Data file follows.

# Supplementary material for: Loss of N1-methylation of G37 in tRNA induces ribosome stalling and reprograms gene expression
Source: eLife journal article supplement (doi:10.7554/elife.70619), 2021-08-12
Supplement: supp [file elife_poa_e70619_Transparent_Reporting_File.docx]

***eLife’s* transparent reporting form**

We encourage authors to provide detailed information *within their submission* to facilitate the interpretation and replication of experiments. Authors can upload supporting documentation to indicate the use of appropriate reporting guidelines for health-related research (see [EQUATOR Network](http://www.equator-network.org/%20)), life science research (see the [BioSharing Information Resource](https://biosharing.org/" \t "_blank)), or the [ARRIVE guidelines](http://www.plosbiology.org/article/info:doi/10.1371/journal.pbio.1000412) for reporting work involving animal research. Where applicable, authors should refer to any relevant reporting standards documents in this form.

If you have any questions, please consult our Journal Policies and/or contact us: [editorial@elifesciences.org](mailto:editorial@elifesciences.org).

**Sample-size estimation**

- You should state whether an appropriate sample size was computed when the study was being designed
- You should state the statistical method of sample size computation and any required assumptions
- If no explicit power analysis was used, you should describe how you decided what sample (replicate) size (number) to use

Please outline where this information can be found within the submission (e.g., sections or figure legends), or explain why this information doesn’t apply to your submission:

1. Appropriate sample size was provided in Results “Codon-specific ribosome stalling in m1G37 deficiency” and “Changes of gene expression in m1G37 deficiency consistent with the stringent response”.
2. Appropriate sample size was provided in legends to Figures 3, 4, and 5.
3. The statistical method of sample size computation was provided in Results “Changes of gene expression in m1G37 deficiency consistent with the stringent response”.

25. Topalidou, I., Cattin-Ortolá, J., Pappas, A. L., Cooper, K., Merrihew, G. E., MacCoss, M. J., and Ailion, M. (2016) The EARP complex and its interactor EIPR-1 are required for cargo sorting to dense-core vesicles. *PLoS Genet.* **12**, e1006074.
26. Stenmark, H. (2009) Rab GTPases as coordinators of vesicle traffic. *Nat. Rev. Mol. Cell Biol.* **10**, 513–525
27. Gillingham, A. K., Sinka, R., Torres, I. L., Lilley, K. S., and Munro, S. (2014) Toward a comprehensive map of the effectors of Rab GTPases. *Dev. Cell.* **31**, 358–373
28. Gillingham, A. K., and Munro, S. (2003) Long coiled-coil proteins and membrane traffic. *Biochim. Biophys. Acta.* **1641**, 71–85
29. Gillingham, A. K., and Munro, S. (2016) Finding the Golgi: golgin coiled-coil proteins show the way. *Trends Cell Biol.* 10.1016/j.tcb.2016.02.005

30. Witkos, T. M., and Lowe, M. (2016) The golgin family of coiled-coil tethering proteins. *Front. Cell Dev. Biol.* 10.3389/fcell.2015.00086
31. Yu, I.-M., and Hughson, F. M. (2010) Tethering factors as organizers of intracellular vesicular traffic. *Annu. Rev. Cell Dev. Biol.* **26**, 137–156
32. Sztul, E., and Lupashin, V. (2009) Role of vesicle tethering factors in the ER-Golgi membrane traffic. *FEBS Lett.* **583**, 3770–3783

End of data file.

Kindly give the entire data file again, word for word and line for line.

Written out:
# Supplementary material for: Loss of N1-methylation of G37 in tRNA induces ribosome stalling and reprograms gene expression
Source: eLife journal article supplement (doi:10.7554/elife.70619), 2021-08-12
Supplement: supp [file elife_poa_e70619_Transparent_Reporting_File.docx]

***eLife’s* transparent reporting form**

We encourage authors to provide detailed information *within their submission* to facilitate the interpretation and replication of experiments. Authors can upload supporting documentation to indicate the use of appropriate reporting guidelines for health-related research (see [EQUATOR Network](http://www.equator-network.org/%20)), life science research (see the [BioSharing Information Resource](https://biosharing.org/" \t "_blank)), or the [ARRIVE guidelines](http://www.plosbiology.org/article/info:doi/10.1371/journal.pbio.1000412) for reporting work involving animal research. Where applicable, authors should refer to any relevant reporting standards documents in this form.

If you have any questions, please consult our Journal Policies and/or contact us: [editorial@elifesciences.org](mailto:editorial@elifesciences.org).

**Sample-size estimation**

- You should state whether an appropriate sample size was computed when the study was being designed
- You should state the statistical method of sample size computation and any required assumptions
- If no explicit power analysis was used, you should describe how you decided what sample (replicate) size (number) to use

Please outline where this information can be found within the submission (e.g., sections or figure legends), or explain why this information doesn’t apply to your submission:

1. Appropriate sample size was provided in Results “Codon-specific ribosome stalling in m1G37 deficiency” and “Changes of gene expression in m1G37 deficiency consistent with the stringent response”.
2. Appropriate sample size was provided in legends to Figures 3, 4, and 5.
3. The statistical method of sample size computation was provided in Results “Changes of gene expression in m1G37 deficiency consistent with the stringent response”.

25. Topalidou, I., Cattin-Ortolá, J., Pappas, A. L., Cooper, K., Merrihew, G. E., MacCoss, M. J., and Ailion, M. (2016) The EARP complex and its interactor EIPR-1 are required for cargo sorting to dense-core vesicles. *PLoS Genet.* **12**, e1006074.
26. Stenmark, H. (2009) Rab GTPases as coordinators of vesicle traffic. *Nat. Rev. Mol. Cell Biol.* **10**, 513–525
27. Gillingham, A. K., Sinka, R., Torres, I. L., Lilley, K. S., and Munro, S. (2014) Toward a comprehensive map of the effectors of Rab GTPases. *Dev. Cell.* **31**, 358–373
28. Gillingham, A. K., and Munro, S. (2003) Long coiled-coil proteins and membrane traffic. *Biochim. Biophys. Acta.* **1641**, 71–85
29. Gillingham, A. K., and Munro, S. (2016) Finding the Golgi: golgin coiled-coil proteins show the way. *Trends Cell Biol.* 10.1016/j.tcb.2016.02.005

30. Witkos, T. M., and Lowe, M. (2016) The golgin family of coiled-coil tethering proteins. *Front. Cell Dev. Biol.* 10.3389/fcell.2015.00086
31. Yu, I.-M., and Hughson, F. M. (2010) Tethering factors as organizers of intracellular vesicular traffic. *Annu. Rev. Cell Dev. Biol.* **26**, 137–156
32. Sztul, E., and Lupashin, V. (2009) Role of vesicle tethering factors in the ER-Golgi membrane traffic. *FEBS Lett.* **583**, 3770–3783